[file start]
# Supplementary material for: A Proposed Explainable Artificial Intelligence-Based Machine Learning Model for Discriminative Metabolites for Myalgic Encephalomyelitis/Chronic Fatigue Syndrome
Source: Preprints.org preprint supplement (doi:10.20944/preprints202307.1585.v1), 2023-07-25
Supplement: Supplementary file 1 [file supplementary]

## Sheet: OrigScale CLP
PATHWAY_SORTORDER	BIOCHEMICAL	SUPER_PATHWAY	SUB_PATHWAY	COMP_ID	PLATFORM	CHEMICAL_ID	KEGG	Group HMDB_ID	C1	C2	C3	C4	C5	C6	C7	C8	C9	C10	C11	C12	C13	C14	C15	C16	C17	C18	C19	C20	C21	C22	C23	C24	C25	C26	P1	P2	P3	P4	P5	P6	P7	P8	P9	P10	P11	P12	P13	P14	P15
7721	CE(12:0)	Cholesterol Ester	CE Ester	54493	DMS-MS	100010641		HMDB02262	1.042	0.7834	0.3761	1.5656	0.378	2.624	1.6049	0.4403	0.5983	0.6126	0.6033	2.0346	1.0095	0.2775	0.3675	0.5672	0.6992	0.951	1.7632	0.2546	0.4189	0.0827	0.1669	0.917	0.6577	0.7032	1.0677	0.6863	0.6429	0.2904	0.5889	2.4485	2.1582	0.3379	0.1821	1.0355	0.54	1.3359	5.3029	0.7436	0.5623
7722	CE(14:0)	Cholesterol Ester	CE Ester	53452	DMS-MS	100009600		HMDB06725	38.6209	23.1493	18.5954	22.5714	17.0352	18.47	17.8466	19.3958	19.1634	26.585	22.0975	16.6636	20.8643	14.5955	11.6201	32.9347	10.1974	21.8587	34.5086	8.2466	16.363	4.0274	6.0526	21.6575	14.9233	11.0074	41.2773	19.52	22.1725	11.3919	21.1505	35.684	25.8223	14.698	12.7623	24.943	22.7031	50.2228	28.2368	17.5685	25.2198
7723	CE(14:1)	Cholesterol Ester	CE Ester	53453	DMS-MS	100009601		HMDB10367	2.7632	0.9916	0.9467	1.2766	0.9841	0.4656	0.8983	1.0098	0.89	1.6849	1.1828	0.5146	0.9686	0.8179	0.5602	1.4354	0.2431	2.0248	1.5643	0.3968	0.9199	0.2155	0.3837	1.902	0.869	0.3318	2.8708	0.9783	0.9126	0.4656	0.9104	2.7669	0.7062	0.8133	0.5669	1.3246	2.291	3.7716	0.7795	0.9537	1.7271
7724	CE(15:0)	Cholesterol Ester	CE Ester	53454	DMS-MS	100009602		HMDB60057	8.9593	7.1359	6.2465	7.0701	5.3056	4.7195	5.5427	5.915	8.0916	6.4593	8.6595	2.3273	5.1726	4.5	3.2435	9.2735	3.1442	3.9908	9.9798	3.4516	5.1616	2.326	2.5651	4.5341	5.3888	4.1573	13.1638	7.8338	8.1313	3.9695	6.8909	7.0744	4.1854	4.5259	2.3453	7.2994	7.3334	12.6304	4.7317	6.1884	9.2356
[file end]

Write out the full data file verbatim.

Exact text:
# Supplementary material for: A Proposed Explainable Artificial Intelligence-Based Machine Learning Model for Discriminative Metabolites for Myalgic Encephalomyelitis/Chronic Fatigue Syndrome
Source: Preprints.org preprint supplement (doi:10.20944/preprints202307.1585.v1), 2023-07-25
Supplement: Supplementary file 1 [file supplementary]

## Sheet: OrigScale CLP
PATHWAY_SORTORDER	BIOCHEMICAL	SUPER_PATHWAY	SUB_PATHWAY	COMP_ID	PLATFORM	CHEMICAL_ID	KEGG	Group HMDB_ID	C1	C2	C3	C4	C5	C6	C7	C8	C9	C10	C11	C12	C13	C14	C15	C16	C17	C18	C19	C20	C21	C22	C23	C24	C25	C26	P1	P2	P3	P4	P5	P6	P7	P8	P9	P10	P11	P12	P13	P14	P15
7721	CE(12:0)	Cholesterol Ester	CE Ester	54493	DMS-MS	100010641		HMDB02262	1.042	0.7834	0.3761	1.5656	0.378	2.624	1.6049	0.4403	0.5983	0.6126	0.6033	2.0346	1.0095	0.2775	0.3675	0.5672	0.6992	0.951	1.7632	0.2546	0.4189	0.0827	0.1669	0.917	0.6577	0.7032	1.0677	0.6863	0.6429	0.2904	0.5889	2.4485	2.1582	0.3379	0.1821	1.0355	0.54	1.3359	5.3029	0.7436	0.5623
7722	CE(14:0)	Cholesterol Ester	CE Ester	53452	DMS-MS	100009600		HMDB06725	38.6209	23.1493	18.5954	22.5714	17.0352	18.47	17.8466	19.3958	19.1634	26.585	22.0975	16.6636	20.8643	14.5955	11.6201	32.9347	10.1974	21.8587	34.5086	8.2466	16.363	4.0274	6.0526	21.6575	14.9233	11.0074	41.2773	19.52	22.1725	11.3919	21.1505	35.684	25.8223	14.698	12.7623	24.943	22.7031	50.2228	28.2368	17.5685	25.2198
7723	CE(14:1)	Cholesterol Ester	CE Ester	53453	DMS-MS	100009601		HMDB10367	2.7632	0.9916	0.9467	1.2766	0.9841	0.4656	0.8983	1.0098	0.89	1.6849	1.1828	0.5146	0.9686	0.8179	0.5602	1.4354	0.2431	2.0248	1.5643	0.3968	0.9199	0.2155	0.3837	1.902	0.869	0.3318	2.8708	0.9783	0.9126	0.4656	0.9104	2.7669	0.7062	0.8133	0.5669	1.3246	2.291	3.7716	0.7795	0.9537	1.7271
7724	CE(15:0)	Cholesterol Ester	CE Ester	53454	DMS-MS	100009602		HMDB60057	8.9593	7.1359	6.2465	7.0701	5.3056	4.7195	5.5427	5.915	8.0916	6.4593	8.6595	2.3273	5.1726	4.5	3.2435	9.2735	3.1442	3.9908	9.9798	3.4516	5.1616	2.326	2.5651	4.5341	5.3888	4.1573	13.1638	7.8338	8.1313	3.9695	6.8909	7.0744	4.1854	4.5259	2.3453	7.2994	7.3334	12.6304	4.7317	6.1884	9.2356